by Mark Marone  |  March 27, 2020  |  10 Minute Read

Key Insights

  • Engage remote employees on a daily basis and making it a priority.
  • Choose a REMINDER you like to cue you to take action
  • Your ROUTINE is the action you take every time the reminder activates.
  • REWARD is what you earn for taking the action of honoring your commitment to engaging your employees daily

How Outstanding Managers Make Employee Engagement a Daily Habit

With all your competing priorities as a leader in this time of crisis, are you having trouble finding time for employee engagement? This blog addresses a big item on your “to do” list:
• Engaging remote employees on a daily basis and making it a priority.

You want to keep your virtual team being productive and committed, and that means you have to make employee engagement a daily habit.

Our employee engagement research shows that teams whose managers make employee engagement a daily priority (as opposed to managers who “never,” “rarely” or “occasionally” think about or plan for employee engagement) are almost three times more engaged than teams whose managers do not.

That’s a remarkable difference. With triple the engagement levels, it means some organizations are doing a lot better than others in meeting their performance objectives. That’s because engaged employees are happier and more productive than their disengaged colleagues. What’s more, organizations with high rates of fully engaged employees enjoy increased profits, lower turnover, and greater customer satisfaction than their competitors.

So how do you maintain this in the face of a crisis, when workers are suddenly dispersed, in fear of losing their jobs, uncertain and anxious about the crisis around us?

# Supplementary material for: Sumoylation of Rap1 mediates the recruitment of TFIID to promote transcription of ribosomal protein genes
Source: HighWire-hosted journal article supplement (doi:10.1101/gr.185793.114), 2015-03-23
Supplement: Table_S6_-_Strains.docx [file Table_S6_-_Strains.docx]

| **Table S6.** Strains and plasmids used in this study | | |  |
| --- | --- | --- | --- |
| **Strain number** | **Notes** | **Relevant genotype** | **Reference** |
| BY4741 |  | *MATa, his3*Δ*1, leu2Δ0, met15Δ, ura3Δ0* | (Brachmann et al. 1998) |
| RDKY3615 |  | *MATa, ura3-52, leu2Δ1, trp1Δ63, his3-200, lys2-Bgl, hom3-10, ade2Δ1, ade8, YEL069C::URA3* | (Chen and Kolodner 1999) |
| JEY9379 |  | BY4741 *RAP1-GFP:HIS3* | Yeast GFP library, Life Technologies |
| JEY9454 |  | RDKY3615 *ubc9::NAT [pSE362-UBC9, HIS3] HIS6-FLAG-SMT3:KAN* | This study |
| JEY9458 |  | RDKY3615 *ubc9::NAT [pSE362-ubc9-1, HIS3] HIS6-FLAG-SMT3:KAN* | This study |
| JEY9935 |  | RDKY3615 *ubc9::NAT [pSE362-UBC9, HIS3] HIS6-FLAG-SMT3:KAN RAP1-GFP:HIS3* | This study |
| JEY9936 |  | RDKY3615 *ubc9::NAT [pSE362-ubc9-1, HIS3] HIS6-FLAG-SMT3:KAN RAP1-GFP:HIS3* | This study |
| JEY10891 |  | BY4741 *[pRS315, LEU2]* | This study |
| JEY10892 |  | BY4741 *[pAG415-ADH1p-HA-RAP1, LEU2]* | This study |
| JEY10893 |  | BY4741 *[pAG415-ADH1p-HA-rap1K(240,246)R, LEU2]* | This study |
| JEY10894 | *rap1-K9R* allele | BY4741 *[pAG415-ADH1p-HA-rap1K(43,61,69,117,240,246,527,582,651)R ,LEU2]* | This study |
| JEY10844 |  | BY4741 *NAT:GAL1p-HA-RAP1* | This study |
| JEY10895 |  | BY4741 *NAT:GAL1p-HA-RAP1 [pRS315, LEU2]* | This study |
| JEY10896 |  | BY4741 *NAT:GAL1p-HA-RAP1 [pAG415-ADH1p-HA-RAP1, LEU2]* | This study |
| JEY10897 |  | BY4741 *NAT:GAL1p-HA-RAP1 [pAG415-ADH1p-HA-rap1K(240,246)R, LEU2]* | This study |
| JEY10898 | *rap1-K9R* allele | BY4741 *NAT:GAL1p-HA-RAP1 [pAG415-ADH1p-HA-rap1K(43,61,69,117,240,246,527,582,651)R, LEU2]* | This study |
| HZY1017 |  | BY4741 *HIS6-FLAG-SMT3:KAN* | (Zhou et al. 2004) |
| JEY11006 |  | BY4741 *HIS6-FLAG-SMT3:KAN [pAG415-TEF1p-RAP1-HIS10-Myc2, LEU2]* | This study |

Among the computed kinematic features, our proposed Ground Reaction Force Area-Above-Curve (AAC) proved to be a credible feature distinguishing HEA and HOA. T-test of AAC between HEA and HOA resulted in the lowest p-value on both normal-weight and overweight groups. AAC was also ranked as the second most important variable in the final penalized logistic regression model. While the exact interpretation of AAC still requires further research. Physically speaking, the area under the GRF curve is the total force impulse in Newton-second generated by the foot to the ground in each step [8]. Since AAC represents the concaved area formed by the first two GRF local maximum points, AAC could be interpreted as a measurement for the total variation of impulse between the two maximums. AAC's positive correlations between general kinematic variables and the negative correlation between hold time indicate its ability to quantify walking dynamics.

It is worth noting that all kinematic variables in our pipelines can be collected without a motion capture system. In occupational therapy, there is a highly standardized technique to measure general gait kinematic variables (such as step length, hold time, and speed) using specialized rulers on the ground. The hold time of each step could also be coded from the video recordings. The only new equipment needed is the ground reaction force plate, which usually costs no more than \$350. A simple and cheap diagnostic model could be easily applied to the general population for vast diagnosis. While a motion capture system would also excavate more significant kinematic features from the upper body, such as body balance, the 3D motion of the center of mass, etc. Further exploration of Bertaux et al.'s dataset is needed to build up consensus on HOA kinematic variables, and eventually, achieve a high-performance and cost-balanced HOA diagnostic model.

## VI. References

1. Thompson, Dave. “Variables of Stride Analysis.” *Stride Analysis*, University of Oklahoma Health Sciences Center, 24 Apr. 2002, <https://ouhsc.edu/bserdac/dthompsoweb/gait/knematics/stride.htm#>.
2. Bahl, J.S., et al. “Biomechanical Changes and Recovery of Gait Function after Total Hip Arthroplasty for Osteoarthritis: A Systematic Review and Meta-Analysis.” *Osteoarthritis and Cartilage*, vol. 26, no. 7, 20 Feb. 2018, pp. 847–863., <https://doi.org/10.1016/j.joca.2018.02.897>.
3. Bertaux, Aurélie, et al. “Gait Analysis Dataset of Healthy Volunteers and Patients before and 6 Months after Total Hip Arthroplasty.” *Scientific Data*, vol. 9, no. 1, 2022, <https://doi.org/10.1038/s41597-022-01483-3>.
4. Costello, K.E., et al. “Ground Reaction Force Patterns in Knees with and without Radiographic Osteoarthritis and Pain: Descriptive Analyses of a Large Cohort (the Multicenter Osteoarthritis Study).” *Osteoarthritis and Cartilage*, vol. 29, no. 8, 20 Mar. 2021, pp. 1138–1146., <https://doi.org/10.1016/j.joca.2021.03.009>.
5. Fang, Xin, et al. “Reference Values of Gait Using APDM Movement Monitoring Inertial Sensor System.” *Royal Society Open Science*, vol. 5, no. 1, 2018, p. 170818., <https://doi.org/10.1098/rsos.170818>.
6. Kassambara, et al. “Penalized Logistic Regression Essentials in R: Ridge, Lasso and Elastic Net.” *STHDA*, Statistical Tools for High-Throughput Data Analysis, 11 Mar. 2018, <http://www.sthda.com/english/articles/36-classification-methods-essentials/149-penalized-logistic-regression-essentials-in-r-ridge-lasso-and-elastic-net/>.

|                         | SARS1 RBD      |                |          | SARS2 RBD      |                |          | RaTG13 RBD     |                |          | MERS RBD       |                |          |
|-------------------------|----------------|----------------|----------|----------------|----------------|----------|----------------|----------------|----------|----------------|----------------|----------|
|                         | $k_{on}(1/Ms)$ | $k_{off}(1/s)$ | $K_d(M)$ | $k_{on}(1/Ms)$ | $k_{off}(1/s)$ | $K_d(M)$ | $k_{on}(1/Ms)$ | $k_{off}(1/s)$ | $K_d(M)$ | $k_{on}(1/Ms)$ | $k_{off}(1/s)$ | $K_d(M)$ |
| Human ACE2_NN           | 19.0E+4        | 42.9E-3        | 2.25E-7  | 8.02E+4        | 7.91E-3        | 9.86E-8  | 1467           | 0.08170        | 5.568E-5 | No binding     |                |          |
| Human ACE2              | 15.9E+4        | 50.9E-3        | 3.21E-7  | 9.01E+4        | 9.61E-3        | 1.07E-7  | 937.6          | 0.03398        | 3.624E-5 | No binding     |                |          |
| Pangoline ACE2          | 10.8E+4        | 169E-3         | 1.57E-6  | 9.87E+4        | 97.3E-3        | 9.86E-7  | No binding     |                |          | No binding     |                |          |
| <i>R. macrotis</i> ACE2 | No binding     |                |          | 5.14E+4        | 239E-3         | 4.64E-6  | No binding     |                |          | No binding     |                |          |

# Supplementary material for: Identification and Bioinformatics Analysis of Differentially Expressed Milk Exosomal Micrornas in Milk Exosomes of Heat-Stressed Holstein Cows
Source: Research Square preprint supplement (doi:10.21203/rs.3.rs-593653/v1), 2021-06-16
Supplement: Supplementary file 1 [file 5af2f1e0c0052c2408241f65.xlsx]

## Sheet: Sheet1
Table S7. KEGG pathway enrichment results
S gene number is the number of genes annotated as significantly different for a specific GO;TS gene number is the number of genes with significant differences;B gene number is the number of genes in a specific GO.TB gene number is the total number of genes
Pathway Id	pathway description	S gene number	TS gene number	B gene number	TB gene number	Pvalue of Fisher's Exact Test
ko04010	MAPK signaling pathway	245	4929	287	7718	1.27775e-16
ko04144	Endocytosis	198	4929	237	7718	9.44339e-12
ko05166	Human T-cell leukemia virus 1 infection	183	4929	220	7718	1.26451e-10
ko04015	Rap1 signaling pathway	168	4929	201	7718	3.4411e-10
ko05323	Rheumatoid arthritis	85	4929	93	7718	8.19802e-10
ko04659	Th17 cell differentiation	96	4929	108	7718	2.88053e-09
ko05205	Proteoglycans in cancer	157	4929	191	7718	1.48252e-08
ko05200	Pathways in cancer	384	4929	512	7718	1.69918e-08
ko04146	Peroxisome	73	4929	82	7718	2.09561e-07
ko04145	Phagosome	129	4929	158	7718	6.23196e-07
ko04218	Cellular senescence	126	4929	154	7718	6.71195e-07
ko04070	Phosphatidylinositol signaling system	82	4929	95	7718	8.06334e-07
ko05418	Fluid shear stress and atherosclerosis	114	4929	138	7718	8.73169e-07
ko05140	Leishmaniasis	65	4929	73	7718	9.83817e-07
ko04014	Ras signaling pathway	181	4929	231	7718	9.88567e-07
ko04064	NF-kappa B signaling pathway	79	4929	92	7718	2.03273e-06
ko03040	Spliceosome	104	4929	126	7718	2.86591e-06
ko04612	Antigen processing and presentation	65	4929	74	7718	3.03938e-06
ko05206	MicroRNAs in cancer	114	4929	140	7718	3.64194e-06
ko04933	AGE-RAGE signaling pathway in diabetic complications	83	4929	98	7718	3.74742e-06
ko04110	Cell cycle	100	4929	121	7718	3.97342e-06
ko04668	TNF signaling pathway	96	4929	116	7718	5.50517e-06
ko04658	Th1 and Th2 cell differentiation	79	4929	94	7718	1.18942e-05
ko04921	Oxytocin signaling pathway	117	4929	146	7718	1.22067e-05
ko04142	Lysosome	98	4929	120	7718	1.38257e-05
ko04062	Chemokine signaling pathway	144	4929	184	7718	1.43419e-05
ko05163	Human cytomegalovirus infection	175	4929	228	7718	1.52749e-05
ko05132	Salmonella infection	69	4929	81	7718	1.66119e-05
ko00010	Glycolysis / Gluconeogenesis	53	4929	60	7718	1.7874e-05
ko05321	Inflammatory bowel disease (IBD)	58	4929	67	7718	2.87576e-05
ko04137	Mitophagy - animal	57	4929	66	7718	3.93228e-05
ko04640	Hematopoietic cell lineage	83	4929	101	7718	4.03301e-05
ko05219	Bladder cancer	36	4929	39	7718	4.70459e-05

Making Engaging Virtual Teams Part of Your Daily Schedule Isn’t That Hard

But it takes consistency—and a mental shift.

While you may understand what engages employees, or even studied the topic intently, it turns out that being effective at something comes less from acquiring knowledge about it and more from acquiring the skills to do it. It’s the difference between understanding something conceptually and mastering the performance. You might have an incredible fantasy baseball team, but no pitching ability yourself. And just because you read a lot about pitching techniques, it doesn’t mean you’ll be a star player the first time you step on the mound.

So let’s review what we know about engaging employees. We know, among other things that at the least, managers must:

  • Develop strong and meaningful interpersonal relationships
  • Engage in authentic conversations
  • Empower employees
  • Recognize each person’s unique talents and reward their efforts and accomplishments

Now, it’s about practicing these and becoming skilled as you are leading virtually until you adopt new habits and routines that will allow you to become truly effective at engaging your remote team.

3 Steps to Making Engaging Remote Employees a Daily Priority

Simply put, you can change your life by changing your habits. It takes just three steps:

  1. Reminder – the trigger that initiates the new behavior
  2. Routine – the action you take every time the trigger activates
  3. Reward – the benefit you realize every time you take the action